Joan Jett did not care about her bad reputation. Maybe it’s time Taylor Swift stopped overthinking things. Swift’s sixth studio album “Reputation,” released on Nov. 10, is a clear departure from anything she has done and it results in a confusing, uninspired sound.
Swift rose to superstardom on a unique fusion of country and pop that worked pretty much only for her. “Red,” and “1989,” were both fantastic pop albums that still featured Swift trademarks: love, heartbreak and clever songwriting. It was unique because it was different from the other pop music on the radio and it led to widespread success. Swift captured the range of emotions that love encompasses and made it her own.
“Reputation,” is Swift jumping head-first into unexplored territory. She’s more explicit with lyrics like “it’s like your eyes are liquor,” and “when you get me on, it’s so simple.” Swift’s music has grown up since her debut album, where she just wished a boy would notice she exists.
The All-American girl image that was carefully cultivated through her five previous albums is thrown straight out the window for the sake of being mainstream. Swift just does what everyone else does on “Reputation,” which is a disservice to her creativity and talent.
The influence of producers Max Martin and Jack Antonoff has hampered Swift’s talent. They’ve stunted an artist who is capable of much better pop music and is at her best on songs like “Style,” “Blank Space” and “Out of the Woods.” While both Martin and Antonoff co-wrote on “1989,” it still sounded like a natural progression of Swift’s music. Now, the pairing has evolved into a detached, boring collaboration.
Swift has spent her entire adult life in the public eye and her music has traced her maturation as a person. Her debut album was hopeful and optimistic about love. The message was that everything eventually works out once your find yourself. Through subsequent albums, her portrayals of love had more depth and examined the emotionally damaging side of the equation. Her lamentations were no longer about her crush on the boy on the football team; they shifted to topics like her real-life breakup with John Mayer.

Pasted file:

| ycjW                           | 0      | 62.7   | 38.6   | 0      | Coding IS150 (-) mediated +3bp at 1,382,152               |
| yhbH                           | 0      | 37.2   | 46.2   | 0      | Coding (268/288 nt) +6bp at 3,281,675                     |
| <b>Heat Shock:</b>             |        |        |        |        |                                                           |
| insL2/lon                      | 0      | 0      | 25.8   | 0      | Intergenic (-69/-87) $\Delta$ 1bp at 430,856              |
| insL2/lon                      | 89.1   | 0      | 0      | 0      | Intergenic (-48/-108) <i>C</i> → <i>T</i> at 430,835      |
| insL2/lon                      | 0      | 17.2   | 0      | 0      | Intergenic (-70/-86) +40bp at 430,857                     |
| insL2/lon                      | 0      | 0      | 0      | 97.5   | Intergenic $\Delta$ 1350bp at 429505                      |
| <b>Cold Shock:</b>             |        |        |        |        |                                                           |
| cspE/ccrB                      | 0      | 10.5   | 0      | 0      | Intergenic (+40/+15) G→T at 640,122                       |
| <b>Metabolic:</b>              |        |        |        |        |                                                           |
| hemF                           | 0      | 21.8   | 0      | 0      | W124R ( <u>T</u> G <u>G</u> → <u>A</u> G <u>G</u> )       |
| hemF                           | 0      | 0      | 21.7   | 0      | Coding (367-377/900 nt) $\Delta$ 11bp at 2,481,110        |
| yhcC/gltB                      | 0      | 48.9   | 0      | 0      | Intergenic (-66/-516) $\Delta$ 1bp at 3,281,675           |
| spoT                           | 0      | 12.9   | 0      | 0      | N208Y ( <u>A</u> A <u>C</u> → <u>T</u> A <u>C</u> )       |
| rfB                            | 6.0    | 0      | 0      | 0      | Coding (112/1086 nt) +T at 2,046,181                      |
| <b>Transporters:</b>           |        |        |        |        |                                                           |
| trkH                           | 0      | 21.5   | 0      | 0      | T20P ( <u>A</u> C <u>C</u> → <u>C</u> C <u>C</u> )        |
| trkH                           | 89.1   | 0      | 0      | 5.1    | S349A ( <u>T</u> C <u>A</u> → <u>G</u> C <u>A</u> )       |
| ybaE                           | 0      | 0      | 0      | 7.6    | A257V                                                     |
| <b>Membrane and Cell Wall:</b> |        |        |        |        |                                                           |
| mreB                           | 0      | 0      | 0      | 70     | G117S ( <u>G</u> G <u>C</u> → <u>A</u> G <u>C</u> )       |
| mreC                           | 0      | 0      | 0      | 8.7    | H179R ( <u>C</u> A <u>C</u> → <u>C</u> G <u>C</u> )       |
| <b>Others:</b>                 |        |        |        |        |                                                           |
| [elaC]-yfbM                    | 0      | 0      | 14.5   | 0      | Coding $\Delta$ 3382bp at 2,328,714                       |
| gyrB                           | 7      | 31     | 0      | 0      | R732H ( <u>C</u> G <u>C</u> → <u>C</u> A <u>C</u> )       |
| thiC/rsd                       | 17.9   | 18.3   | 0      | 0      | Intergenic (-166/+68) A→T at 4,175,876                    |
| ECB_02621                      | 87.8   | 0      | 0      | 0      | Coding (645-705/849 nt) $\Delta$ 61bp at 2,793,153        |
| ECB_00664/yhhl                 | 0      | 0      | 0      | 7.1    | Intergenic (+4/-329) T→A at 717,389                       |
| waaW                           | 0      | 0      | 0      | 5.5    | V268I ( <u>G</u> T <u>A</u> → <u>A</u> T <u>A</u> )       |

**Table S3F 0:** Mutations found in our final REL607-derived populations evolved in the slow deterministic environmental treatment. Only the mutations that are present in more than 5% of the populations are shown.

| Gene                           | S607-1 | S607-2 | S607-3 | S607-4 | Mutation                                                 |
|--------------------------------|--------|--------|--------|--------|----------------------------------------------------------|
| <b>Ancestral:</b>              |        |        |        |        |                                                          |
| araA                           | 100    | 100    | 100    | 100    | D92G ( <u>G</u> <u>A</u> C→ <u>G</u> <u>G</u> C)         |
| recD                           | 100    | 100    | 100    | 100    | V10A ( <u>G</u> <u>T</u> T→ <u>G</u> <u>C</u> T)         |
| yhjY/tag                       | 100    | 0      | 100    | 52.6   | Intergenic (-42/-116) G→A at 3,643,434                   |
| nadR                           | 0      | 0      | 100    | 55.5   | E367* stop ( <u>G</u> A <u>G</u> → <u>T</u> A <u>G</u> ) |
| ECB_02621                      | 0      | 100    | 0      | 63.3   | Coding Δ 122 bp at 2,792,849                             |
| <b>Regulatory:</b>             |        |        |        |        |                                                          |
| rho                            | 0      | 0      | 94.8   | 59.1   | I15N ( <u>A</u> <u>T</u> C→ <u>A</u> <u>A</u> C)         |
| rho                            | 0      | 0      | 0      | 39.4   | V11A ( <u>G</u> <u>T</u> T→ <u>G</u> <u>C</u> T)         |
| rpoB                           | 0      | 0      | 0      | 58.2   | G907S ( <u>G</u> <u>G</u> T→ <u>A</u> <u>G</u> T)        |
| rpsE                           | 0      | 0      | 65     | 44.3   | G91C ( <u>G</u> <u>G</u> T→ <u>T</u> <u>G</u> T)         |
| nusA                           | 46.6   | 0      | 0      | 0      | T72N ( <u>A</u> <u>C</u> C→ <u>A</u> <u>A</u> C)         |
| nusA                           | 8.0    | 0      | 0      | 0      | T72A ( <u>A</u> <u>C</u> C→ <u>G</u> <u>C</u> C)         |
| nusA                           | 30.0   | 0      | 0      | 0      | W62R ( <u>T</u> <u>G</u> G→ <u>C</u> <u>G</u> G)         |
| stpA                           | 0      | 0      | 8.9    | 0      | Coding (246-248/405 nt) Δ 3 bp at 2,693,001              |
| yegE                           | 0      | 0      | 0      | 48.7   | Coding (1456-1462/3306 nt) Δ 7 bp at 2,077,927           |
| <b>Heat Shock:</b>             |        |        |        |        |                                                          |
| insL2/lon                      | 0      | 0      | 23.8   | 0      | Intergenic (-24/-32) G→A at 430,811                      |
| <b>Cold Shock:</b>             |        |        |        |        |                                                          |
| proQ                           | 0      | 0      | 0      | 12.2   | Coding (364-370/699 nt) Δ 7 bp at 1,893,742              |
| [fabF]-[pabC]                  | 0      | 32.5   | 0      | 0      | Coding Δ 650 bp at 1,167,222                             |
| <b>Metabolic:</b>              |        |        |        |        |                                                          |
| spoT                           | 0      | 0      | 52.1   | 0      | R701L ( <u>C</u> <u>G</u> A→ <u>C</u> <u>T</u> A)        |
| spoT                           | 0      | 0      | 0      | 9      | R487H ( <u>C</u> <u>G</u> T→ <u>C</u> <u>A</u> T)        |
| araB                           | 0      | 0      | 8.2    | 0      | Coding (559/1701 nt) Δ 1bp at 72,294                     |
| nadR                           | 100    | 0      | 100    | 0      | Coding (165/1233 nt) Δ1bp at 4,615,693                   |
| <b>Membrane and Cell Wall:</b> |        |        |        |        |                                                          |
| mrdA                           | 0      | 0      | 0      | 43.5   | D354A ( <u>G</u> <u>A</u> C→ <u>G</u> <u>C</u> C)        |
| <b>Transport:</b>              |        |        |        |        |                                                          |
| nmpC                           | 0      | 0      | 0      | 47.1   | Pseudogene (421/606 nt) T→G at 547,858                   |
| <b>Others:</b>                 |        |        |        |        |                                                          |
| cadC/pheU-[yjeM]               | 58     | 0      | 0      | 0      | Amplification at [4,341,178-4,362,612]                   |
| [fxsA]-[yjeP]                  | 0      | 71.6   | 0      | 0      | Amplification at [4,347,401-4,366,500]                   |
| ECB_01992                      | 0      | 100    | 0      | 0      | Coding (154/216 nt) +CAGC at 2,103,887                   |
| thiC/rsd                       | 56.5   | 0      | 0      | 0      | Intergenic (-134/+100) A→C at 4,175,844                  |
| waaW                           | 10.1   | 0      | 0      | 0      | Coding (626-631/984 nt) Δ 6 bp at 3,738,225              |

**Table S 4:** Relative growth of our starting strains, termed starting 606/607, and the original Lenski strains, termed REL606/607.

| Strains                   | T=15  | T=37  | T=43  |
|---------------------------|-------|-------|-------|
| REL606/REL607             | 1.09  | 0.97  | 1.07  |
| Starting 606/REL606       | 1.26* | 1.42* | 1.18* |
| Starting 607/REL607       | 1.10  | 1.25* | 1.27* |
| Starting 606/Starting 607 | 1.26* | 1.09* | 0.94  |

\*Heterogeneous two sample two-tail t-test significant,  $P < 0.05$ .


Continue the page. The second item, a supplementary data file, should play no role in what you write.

This album places Swift in the driver’s seat in her stories. She’s no longer the anxious, wide-eyed teenager or the spurned lover or any other iterations of her persona. This is a completely new Taylor, determined and slightly darker. “Look What You Made Me Do,” the lead single, is Swift’s answer to all of the vitriol she’s received in the wake of her feud with Kimye and her failure to get political in a culture where everything has become politicized. “I’ve got a list of names and yours is red and underlined and checked twice,” is delivered like a warning shot to her enemies, something old Swift never would have done.
Higher up on the list of things Swift never would have done: rap. Taylor Swift is not a rapper, which should be an obvious statement. Yet, “Reputation,” has way too much Swift rapping. I’ve never once in my life wanted to hear the singer of “You Belong With Me,” try to be Drake. There is simply too much going on on the album. As recently as three years ago when “1989,” was released, it would’ve been unfathomable for rap star Future to feature on a Taylor Swift song. It is not that Future’s verse is bad, it is just out of place on a Taylor Swift album. “Reputation” struggles so much to find itself – even an Ed Sheeran feature sounds out of place on the song “End Game.”
The eighth track, “Gorgeous,” is one of the few highlights amongthis muddled mess of stylistic exploration. This is the song closest to Swift’s refined pop sound – the drum machine is reminiscent of “Blank Space” – and there isn’t the awkward Drake impression she attempts throughout the rest of the album. “Gorgeous” takes the template of a classic Swift ode to unrequited love, soaks it in alcohol and adds the tension of the singer’s infidelity to create an intoxicating radio hit.
Swift’s willingness to experiment as an artist is commendable, but “Reputation,” seems like an outright miss for an artist who can do better. An overproduced Swift loses her genius as a musician –there is is scant an instrument to be heard on the entire album. Experimentation is part of learning as musician, but changing things just for the sake of change feels like a missed opportunity for a better album.